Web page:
In Brazil, heart failure leads to approximately 25,000 deaths per year. Abnormal calcium handling is a hallmark of heart failure and changes in genes encoding for proteins involved in the re-uptake of calcium might harbor mutations leading to inherited cardiomyopathies. Phospholamban (PLN) plays a prime role in cardiac contractility and relaxation and mutations in the gene encoding PLN have been associated with dilated cardiomyopathy. In this study, our objective was to determine the presence of the -36A>C alteration in PLN gene in a Brazilian population of individuals with HF and to test whether this alteration is associated with heart failure or with a worse prognosis of patients with HF.
We genotyped a cohort of 881 patients with HF and 1259 individuals from a cohort of individuals from the general population for the alteration -36A>C in the PLN gene. Allele and genotype frequencies were compared between groups (patients and control). In addition, frequencies or mean values of different phenotypes associated with cardiovascular disease were compared between genotypic groups. Finally, patients were prospectively followed-up for death incidence and genotypes for the -36A>C were compared regarding mortality incidence in HF patients.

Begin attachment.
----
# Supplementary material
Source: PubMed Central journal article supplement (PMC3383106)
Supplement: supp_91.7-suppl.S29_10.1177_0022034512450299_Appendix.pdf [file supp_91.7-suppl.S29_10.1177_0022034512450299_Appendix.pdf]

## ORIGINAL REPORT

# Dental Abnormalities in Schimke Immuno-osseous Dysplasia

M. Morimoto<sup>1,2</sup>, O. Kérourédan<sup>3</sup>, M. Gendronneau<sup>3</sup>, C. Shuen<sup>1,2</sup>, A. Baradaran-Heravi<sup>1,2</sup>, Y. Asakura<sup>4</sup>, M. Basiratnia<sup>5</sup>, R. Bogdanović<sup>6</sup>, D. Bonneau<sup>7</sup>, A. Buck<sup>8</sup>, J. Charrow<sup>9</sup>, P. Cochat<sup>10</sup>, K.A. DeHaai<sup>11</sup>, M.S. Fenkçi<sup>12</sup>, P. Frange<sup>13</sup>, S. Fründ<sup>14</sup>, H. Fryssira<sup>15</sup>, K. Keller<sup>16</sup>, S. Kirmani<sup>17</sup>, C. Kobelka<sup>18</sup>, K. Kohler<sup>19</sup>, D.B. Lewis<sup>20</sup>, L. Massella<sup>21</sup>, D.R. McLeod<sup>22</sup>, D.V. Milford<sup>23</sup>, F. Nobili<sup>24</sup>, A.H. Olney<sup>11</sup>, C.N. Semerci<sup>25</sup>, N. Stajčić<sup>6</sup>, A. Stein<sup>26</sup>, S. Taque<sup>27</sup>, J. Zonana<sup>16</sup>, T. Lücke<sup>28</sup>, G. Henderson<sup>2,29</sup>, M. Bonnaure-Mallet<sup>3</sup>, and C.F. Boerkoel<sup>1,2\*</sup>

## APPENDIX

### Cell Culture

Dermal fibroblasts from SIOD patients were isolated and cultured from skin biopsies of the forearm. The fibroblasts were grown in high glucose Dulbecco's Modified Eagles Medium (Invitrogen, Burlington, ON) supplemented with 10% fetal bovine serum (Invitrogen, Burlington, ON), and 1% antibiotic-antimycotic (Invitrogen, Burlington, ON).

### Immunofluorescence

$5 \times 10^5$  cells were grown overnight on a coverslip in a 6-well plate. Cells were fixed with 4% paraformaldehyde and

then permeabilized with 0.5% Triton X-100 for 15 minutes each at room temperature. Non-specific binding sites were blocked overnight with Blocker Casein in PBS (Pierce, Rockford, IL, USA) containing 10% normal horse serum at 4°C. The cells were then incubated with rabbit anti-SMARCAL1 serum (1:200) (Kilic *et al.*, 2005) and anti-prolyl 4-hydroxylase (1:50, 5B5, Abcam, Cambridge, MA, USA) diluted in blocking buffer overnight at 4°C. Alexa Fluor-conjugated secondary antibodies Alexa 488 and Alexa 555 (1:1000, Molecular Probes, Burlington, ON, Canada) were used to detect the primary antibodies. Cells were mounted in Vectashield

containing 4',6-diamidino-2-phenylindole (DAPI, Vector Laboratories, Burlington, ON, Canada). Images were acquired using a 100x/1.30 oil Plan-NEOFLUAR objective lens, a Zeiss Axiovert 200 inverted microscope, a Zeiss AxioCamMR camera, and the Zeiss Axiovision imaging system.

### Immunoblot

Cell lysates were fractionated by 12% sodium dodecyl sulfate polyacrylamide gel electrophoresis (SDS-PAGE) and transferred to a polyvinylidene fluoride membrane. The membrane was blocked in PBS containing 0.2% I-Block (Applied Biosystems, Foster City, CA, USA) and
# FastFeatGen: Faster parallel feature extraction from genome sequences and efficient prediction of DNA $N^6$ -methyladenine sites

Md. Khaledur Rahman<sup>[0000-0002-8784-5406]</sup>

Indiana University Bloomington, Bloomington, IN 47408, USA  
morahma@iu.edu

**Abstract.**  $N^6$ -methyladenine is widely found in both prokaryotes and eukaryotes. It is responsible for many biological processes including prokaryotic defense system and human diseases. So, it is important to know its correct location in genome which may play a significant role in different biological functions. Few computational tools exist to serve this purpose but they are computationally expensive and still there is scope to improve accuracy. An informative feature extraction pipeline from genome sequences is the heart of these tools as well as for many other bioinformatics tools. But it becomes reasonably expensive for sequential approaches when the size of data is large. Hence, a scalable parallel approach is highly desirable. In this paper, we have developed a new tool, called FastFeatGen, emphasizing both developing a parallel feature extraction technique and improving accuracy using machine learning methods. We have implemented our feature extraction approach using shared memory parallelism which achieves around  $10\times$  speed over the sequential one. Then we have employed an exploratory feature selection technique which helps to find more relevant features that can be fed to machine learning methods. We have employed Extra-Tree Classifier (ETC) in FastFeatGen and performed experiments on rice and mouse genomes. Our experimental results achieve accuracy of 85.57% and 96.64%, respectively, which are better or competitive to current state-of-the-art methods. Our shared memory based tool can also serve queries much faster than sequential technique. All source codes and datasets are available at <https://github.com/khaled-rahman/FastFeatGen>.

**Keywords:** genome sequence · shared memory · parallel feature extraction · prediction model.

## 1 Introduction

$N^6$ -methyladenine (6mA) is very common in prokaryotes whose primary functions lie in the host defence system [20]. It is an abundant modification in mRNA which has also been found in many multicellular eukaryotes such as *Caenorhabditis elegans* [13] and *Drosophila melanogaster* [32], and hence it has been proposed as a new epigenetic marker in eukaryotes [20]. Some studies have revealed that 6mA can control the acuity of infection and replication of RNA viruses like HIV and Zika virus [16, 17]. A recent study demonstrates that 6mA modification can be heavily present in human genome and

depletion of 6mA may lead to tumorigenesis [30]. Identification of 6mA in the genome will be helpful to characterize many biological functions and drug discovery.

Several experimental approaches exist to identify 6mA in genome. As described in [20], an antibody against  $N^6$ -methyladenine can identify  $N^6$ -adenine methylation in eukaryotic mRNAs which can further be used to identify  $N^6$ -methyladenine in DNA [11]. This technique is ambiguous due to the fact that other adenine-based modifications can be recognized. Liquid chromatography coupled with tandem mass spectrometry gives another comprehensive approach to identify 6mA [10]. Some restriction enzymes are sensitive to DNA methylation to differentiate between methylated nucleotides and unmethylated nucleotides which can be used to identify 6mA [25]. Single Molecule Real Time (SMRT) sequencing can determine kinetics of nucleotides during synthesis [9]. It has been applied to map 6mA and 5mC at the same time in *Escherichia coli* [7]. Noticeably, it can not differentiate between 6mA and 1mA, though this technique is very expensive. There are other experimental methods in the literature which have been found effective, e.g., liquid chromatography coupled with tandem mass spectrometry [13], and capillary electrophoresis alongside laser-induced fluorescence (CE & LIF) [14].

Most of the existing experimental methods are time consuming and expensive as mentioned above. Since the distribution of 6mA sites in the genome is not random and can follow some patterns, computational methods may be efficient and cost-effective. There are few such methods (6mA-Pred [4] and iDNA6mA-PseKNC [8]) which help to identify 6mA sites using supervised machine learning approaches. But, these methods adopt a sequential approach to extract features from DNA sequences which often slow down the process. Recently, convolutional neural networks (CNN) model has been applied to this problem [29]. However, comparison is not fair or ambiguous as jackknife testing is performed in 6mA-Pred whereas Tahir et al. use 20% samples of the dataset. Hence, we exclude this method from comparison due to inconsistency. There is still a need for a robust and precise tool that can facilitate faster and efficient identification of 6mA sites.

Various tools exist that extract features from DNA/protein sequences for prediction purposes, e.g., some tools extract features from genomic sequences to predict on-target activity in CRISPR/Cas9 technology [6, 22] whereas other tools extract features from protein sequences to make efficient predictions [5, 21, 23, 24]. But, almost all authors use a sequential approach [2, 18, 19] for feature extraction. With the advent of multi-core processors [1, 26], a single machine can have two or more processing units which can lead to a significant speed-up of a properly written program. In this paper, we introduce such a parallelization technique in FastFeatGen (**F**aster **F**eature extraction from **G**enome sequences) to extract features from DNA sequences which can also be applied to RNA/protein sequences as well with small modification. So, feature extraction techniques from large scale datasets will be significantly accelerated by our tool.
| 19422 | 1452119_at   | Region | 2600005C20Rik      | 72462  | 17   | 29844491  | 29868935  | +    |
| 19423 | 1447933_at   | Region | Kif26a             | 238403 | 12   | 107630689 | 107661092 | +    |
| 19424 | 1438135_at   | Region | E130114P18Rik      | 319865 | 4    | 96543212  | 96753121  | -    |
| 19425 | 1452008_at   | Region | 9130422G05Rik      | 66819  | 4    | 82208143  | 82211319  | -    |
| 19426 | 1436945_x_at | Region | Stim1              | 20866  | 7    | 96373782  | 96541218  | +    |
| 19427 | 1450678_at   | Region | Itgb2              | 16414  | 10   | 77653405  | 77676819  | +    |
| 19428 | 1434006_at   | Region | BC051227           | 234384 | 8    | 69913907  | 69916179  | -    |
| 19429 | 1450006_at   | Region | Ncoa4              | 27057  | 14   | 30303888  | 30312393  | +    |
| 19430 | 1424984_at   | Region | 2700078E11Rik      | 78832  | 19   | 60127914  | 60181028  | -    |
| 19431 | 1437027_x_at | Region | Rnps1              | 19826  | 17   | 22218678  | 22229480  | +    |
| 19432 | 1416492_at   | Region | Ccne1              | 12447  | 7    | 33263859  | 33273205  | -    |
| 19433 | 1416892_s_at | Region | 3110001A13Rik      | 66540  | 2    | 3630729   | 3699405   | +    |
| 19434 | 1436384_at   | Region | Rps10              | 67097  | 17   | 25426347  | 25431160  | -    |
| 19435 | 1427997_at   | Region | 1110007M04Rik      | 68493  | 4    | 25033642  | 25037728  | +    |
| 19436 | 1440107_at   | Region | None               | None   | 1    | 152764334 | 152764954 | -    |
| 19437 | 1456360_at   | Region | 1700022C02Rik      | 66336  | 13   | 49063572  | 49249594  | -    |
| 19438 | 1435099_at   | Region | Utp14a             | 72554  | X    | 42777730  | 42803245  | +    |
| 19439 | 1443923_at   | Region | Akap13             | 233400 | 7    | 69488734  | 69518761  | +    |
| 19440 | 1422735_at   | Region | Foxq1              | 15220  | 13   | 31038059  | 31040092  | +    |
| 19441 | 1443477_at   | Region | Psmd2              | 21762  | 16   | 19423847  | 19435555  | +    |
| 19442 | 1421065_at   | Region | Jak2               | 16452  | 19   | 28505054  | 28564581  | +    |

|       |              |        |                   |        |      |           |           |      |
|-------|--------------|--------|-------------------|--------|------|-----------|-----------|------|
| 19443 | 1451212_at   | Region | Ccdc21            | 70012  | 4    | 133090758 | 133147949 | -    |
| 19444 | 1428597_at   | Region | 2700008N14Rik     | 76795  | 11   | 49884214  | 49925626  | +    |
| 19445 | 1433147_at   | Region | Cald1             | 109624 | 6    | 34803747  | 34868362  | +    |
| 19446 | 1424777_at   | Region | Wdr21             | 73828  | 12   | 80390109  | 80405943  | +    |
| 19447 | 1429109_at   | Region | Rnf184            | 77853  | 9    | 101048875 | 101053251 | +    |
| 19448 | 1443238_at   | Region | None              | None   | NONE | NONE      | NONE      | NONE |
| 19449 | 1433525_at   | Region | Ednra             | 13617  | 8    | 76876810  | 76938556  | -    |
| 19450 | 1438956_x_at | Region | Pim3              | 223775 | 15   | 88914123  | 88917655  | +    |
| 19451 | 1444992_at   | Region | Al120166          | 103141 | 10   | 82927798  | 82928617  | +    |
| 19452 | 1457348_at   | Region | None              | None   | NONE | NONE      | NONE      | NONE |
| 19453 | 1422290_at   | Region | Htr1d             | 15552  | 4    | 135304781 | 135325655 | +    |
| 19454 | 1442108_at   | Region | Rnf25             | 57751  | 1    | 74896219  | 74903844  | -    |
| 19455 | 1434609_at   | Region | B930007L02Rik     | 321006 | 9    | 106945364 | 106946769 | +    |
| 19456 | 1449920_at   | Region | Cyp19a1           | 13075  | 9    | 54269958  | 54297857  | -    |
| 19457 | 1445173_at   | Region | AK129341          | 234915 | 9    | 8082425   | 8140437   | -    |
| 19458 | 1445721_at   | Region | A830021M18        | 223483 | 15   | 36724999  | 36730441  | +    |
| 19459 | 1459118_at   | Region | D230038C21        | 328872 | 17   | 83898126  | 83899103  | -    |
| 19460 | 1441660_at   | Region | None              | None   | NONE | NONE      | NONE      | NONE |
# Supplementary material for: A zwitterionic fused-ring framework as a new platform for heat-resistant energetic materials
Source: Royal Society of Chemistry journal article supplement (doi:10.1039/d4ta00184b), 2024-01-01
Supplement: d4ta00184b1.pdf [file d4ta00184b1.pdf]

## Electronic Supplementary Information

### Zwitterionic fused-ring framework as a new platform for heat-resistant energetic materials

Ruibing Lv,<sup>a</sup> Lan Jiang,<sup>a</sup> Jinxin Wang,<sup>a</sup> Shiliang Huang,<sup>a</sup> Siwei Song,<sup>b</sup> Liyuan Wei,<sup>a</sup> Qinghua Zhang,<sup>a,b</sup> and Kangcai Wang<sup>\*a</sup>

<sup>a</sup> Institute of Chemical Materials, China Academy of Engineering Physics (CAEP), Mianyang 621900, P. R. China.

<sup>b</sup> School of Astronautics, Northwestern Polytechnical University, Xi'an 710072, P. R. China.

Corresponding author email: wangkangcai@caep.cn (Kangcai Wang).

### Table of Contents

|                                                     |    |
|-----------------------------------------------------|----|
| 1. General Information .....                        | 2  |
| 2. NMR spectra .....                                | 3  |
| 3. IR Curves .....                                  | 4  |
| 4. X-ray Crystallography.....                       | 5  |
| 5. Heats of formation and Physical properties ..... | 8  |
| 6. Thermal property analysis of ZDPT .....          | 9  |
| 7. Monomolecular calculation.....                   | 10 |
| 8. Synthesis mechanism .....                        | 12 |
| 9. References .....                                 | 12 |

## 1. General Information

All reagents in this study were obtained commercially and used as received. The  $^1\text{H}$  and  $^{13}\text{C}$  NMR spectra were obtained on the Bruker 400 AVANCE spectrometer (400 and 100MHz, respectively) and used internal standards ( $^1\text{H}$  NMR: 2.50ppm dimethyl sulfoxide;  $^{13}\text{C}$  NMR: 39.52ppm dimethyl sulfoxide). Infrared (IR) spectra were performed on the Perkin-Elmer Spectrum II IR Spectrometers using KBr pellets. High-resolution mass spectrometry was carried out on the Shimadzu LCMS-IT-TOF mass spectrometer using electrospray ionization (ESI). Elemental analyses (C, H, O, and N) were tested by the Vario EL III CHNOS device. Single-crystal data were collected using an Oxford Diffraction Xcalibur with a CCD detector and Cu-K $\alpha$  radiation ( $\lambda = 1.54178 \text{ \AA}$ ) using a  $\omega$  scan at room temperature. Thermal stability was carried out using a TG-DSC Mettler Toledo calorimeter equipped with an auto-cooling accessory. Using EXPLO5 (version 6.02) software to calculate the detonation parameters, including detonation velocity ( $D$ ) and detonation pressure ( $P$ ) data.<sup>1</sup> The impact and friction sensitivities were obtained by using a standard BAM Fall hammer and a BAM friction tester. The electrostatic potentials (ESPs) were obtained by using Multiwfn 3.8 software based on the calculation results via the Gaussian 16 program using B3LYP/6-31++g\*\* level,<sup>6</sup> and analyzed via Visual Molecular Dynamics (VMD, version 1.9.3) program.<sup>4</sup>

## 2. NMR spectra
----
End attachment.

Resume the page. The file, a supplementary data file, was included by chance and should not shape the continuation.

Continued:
No significant association was found between the study polymorphism and HF in our population. In addition, no association between PLN -36A>C polymorphism and demographic, clinical and functional characteristics and mortality incidence in this sample of HF patients was observed.
Our data do not support a role for the PLN -36A>C alteration in modulating the heart failure phenotype, including its clinical course, in humans.